I recently spent four days in Boston. Connecting Boston’s revolutionary history to the concept of financial freedom is not particularly challenging. After funding and fighting the French and Indian War, the national debt of England increased by more than 75%! Being in debt up to their ears, Parliament and the King looked to the American Colonies for money. Over a ten-year period, British taxes piled up on Boston and the colonies. Undoubtedly, the early patriot’s desire for financial freedom was a unifying storyline behind the American Revolution – with debt and taxes taking the roles of antagonists.
Today, Americans are still fighting for financial freedom. History often rhymes (if not repeats) and debt and taxes just may be the most robust inhibitors to achieving financial freedom in modern-times. But first, what exactly is financial freedom? This is a tough question because there is no singular answer. Everyone is going to define financial freedom a little differently, but I like how the folks at MoneyFit define it:
“Financial freedom means having enough savings, financial investments, and cash on hand to afford the kind of life we desire for ourselves and our families.”
Having financial freedom affords benefits like working in a career that is fulfilling versus just financially necessary. Financial freedom can bring calm and confidence to one’s decision making. It means that money is an ally versus an adversary regarding life’s choices and opportunities.
The Boston Thesis is that financial freedom is possible for most Americans. History teaches us that nothing is impossible. The patriots of Boston – with infamous leaders like Sam Adams and John Hancock – were able to instigate and wage a successful war against England. With this amazing genesis in mind, it seems that Americans can beat any adversaries to achieve their goals…including DEBT and TAXES!
Just a Dash of Debt is All You Need
England’s unhealthy debt led them to foolish money moves that in turn stripped them of the Americas. Unfortunately, debt remains durable today with the average American having $90,460 in debt. Of course, not all debt is the same. Mortgage debt or student debt can actually be accretive to one’s wealth; however, too much can certainly present long-term financial challenges. Debt from credit cards, large auto loans, personal loans, and payday loans can be devastating. The problem with debt is that it easily spirals out of control and before one knows it, most of their savings are consumed by debt interest. Knowing the insidious side of debt is the best plan for preventing debt. Prevention is not always possible; therefore, debt must be managed and kept in check with strategies that are both financial and behavioral. OnTrack Wealth Management does not specialize in debt counseling, but you can click here for a free credit consulting session from a non-profit agency that may be able to help.
Taxes are Inevitable, Just Don’t Overpay
Taxes, taxes, taxes. We lament about them incessantly and yet we often do little more. Benjamin Franklin summed this up perfectly in his writing “The Way to Wealth”, considered the first American book on personal finance, when he said:
“…Taxes are indeed very heavy, and if those laid on by the Government were the only Ones we had to pay, we might more easily discharge them; but we have many others, and much more grievous to some of us. We are taxed twice as much by our Idleness, three times as much by our Pride, and four times as much by our Folly…”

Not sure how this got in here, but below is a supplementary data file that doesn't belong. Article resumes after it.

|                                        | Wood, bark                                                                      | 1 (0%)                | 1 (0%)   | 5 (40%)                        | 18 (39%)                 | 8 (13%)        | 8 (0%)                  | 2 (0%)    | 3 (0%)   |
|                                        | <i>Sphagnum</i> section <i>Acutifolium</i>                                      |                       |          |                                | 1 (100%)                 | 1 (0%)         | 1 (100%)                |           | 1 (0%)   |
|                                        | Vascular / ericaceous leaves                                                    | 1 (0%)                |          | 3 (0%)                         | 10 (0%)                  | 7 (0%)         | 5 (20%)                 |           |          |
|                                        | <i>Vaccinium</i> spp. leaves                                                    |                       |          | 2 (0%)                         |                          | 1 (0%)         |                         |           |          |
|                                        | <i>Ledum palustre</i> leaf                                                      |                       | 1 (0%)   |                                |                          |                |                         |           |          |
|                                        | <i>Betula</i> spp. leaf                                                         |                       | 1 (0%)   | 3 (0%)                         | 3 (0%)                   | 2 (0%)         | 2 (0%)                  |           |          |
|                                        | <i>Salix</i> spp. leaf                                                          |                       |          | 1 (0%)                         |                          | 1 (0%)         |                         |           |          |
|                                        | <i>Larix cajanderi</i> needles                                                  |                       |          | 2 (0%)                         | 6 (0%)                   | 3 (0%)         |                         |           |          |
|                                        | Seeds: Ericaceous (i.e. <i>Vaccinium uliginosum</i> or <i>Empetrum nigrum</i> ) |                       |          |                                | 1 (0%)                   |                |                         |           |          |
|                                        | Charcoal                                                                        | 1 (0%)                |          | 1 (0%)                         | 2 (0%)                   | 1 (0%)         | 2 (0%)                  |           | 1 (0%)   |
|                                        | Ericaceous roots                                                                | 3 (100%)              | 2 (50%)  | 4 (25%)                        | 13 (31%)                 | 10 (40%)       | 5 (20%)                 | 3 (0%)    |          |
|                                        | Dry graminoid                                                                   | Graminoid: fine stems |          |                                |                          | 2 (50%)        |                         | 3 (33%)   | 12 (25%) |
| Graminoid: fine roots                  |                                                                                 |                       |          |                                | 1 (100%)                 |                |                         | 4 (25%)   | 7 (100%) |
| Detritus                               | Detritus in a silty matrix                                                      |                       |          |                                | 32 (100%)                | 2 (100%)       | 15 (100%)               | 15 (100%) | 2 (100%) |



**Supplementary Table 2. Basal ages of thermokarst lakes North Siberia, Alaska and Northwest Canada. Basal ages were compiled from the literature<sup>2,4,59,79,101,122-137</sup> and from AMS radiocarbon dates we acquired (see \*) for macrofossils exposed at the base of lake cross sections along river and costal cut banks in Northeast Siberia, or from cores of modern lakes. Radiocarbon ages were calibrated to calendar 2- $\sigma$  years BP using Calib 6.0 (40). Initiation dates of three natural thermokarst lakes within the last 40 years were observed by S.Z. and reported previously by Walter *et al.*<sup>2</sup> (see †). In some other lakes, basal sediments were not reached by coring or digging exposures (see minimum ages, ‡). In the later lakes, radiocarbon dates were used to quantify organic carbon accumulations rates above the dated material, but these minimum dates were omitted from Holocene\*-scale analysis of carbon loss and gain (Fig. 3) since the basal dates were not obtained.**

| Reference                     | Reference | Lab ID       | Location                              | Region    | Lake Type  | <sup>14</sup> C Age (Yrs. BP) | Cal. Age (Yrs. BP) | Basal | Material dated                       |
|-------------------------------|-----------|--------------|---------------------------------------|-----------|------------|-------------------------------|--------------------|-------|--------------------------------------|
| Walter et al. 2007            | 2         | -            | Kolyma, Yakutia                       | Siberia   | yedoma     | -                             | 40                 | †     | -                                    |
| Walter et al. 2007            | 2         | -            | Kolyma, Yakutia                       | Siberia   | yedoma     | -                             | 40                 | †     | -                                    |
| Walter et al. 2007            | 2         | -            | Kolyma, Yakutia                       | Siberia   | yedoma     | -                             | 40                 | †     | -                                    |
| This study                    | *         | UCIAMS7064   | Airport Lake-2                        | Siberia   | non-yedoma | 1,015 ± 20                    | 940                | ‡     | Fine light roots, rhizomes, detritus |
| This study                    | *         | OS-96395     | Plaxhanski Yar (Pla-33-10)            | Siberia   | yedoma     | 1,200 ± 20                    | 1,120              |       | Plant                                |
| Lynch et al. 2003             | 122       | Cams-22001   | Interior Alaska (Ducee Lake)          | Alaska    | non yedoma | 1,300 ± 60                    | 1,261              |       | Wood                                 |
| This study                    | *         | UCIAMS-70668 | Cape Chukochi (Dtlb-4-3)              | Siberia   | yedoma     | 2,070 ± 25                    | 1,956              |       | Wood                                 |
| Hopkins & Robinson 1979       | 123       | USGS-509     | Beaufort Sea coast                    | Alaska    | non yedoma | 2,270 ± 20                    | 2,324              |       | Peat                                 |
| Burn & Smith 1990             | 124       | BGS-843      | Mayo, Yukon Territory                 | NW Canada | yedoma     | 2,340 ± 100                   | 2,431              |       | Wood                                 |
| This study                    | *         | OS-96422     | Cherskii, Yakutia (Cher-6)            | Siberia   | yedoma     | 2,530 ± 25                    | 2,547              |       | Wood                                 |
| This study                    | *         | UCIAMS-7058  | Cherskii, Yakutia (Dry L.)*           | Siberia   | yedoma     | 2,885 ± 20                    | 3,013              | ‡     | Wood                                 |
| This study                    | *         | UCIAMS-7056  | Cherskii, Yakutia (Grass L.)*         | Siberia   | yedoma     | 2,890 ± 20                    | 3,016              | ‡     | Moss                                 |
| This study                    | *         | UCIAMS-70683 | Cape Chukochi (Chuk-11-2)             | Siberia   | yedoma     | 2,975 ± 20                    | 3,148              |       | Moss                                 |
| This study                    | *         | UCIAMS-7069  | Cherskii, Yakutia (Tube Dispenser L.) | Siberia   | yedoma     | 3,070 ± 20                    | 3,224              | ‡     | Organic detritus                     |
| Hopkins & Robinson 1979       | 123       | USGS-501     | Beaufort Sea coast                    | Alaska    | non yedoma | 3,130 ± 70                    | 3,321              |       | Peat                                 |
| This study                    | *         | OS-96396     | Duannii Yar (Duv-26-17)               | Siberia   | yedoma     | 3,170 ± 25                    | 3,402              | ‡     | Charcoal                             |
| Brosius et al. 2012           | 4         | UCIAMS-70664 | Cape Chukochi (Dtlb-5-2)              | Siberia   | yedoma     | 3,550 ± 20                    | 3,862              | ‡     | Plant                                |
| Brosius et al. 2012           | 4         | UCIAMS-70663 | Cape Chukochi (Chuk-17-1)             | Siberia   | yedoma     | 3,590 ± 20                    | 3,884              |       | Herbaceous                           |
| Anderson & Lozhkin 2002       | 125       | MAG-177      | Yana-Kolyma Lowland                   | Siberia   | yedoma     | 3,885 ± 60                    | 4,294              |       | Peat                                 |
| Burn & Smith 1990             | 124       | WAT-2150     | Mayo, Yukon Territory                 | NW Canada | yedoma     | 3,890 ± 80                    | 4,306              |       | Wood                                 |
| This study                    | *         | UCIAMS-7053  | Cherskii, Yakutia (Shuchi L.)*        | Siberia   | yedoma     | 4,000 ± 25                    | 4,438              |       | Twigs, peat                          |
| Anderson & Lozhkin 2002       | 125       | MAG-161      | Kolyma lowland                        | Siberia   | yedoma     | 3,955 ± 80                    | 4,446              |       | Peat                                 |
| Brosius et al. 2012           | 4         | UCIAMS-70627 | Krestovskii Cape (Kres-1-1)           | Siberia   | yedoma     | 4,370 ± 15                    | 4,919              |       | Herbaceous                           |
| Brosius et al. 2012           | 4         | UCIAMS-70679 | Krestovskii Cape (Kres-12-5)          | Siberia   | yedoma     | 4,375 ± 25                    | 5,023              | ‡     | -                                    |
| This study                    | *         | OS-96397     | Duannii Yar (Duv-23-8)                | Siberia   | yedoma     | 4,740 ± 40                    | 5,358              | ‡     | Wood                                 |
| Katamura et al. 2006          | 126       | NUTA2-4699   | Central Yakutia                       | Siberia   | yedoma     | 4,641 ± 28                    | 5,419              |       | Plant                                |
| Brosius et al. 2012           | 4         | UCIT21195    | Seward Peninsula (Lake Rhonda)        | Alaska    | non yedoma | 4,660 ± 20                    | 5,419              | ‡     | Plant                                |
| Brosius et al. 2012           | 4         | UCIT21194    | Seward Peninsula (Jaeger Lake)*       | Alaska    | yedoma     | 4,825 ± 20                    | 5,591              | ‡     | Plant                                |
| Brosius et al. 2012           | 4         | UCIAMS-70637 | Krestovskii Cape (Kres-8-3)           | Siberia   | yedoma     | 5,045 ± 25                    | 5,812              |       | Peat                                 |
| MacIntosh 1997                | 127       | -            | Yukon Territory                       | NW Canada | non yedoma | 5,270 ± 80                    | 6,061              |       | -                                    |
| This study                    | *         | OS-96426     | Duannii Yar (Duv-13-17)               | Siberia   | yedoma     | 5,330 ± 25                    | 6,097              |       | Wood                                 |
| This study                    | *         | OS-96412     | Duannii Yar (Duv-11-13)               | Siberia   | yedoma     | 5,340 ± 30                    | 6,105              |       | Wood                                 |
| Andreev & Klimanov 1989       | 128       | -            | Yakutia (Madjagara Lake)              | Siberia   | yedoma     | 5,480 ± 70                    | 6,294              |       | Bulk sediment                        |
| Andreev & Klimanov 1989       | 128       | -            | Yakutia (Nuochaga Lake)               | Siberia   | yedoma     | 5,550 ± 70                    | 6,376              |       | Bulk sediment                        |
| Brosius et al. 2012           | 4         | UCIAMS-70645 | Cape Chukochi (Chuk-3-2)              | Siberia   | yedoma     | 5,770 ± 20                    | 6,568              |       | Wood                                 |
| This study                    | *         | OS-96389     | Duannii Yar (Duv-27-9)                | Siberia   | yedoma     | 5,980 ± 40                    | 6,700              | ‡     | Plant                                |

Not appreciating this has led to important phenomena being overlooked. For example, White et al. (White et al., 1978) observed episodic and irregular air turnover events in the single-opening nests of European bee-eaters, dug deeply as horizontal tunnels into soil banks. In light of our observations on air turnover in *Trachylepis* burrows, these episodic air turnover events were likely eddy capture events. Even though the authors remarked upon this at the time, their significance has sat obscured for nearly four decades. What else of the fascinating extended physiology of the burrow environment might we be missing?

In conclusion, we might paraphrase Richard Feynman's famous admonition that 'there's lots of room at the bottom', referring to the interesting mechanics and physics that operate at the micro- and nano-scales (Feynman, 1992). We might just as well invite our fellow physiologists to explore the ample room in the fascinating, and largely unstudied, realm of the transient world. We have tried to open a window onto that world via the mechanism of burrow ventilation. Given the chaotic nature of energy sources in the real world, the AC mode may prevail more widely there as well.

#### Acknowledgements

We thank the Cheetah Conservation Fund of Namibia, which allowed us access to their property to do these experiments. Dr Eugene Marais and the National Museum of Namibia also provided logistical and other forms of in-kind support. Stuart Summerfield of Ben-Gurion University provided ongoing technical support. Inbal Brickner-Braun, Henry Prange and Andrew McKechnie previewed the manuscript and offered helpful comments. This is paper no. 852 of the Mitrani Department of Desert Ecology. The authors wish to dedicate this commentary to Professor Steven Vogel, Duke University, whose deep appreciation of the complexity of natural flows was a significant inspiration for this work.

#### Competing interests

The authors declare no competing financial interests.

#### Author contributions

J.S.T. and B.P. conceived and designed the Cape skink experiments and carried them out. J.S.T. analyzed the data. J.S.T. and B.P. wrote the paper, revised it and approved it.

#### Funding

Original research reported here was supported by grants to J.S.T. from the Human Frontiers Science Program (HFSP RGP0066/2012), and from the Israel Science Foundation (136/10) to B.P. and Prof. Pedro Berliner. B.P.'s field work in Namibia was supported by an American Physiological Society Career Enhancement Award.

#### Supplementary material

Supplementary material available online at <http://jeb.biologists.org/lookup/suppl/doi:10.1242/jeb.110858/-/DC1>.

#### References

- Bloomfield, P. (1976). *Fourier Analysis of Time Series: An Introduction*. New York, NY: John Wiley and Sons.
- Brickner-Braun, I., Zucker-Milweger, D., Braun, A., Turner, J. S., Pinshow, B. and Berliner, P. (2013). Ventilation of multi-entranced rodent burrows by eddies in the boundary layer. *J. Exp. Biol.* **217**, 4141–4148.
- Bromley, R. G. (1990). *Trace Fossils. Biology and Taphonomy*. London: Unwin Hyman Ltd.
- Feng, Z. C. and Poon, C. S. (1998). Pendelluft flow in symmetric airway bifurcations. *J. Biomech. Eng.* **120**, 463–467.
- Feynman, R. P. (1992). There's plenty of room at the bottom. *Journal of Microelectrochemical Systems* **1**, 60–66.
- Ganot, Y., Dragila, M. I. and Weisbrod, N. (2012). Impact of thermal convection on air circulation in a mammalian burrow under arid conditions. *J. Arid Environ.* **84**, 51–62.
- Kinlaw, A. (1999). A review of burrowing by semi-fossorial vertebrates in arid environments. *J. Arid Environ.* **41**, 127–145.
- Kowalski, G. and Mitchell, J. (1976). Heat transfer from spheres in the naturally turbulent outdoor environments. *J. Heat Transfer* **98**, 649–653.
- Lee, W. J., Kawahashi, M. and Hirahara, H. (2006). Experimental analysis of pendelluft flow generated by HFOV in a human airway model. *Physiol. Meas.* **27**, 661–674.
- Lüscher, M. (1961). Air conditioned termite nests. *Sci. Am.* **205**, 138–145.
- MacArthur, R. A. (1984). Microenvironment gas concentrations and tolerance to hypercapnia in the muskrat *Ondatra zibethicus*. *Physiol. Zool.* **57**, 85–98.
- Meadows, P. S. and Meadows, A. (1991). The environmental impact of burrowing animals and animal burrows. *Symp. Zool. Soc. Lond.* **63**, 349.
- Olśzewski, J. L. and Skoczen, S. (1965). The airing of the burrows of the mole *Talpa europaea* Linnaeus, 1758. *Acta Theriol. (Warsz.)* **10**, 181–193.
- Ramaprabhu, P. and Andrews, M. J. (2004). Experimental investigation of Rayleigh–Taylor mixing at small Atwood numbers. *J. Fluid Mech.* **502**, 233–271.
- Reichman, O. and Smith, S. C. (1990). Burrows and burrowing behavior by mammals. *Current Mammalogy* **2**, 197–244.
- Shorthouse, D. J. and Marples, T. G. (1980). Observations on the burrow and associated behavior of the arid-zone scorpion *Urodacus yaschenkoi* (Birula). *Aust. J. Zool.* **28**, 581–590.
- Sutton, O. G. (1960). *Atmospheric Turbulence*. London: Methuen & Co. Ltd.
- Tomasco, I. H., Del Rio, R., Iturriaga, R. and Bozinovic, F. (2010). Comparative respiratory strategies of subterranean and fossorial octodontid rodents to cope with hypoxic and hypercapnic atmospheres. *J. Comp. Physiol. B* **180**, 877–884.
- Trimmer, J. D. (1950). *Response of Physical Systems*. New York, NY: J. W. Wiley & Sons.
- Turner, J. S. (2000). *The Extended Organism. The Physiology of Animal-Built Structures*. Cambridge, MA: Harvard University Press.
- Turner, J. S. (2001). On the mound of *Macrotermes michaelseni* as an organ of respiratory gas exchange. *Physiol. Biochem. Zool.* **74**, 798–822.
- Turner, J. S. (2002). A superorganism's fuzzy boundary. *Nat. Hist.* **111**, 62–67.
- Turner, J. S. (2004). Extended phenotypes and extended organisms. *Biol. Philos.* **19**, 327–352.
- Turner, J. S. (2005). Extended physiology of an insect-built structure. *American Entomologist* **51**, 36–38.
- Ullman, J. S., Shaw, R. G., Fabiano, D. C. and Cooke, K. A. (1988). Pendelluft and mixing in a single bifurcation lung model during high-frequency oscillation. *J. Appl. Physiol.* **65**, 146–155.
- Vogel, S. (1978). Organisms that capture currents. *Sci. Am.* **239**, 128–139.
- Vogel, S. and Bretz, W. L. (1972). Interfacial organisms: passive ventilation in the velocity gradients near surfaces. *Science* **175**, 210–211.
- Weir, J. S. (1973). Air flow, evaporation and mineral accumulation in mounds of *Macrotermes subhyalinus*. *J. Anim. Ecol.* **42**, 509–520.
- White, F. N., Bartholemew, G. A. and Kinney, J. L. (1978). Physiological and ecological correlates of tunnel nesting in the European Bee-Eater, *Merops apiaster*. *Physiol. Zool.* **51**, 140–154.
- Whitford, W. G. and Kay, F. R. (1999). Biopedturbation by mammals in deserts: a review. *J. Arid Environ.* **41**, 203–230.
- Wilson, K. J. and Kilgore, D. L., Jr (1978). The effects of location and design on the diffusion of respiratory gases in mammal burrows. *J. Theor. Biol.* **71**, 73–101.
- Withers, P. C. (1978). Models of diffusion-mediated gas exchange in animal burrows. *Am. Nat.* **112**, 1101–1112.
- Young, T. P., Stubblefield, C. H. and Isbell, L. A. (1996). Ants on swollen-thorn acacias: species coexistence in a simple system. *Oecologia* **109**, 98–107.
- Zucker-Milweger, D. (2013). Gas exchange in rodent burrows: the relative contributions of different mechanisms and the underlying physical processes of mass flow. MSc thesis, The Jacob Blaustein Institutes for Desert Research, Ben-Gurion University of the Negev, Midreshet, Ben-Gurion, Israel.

The lessons to learn here goes well beyond taxes, but for a moment let’s ask some incisive financial questions connected to Franklin’s quote:
- Government taxes are heavy, yet is it not true that most of us sit around idly do little about those taxes?
- Is it not true that we sometimes pridefully talk about how much money we make, but do little to actually save?
- How often do we illustrate folly about money matters without asking an expert or conducting research that would otherwise inform us?
Taxes are part of our American history of rebellion against the crown and in contemporary terms they are a despised, hazy, and confusing. In the context of financial freedom, taxes cannot and should not be ignored or cheated. Instead, they need to be forecasted and planned for in a manner that looks to minimize exposure. Achieving financial freedom is often not about hitting home runs or holes in one. It’s about having a rock-solid “small game.” Doing the small things right time and time again saves money. For example, lump and clump deductions every few years to exceed the Standard Deduction. Plan for Roth Conversions in years where your taxable income drops. Take advantage of the most efficient tax credits for children and educational expenses. Harvest capital losses to offset capital gains. These “small game” tax strategies are winners that contribute significantly to one’s financial freedom.
The Boston Thesis that most Americans can achieve financial freedom to optimize financially rewarding lives. It’s not easy, but it is possible! And for inspiration you just need to look at Boston some 250 years ago when ordinary and extraordinary Americans turned into patriots and took action to achieve their financial freedom. Today, the challenges of financial freedom are less about revolution than they are about attention. Our attention needs to be laser focused on building multi-year financial planning strategies. Kill debt! Minimize Taxes! Those are the modern-day rally calls for financial freedom…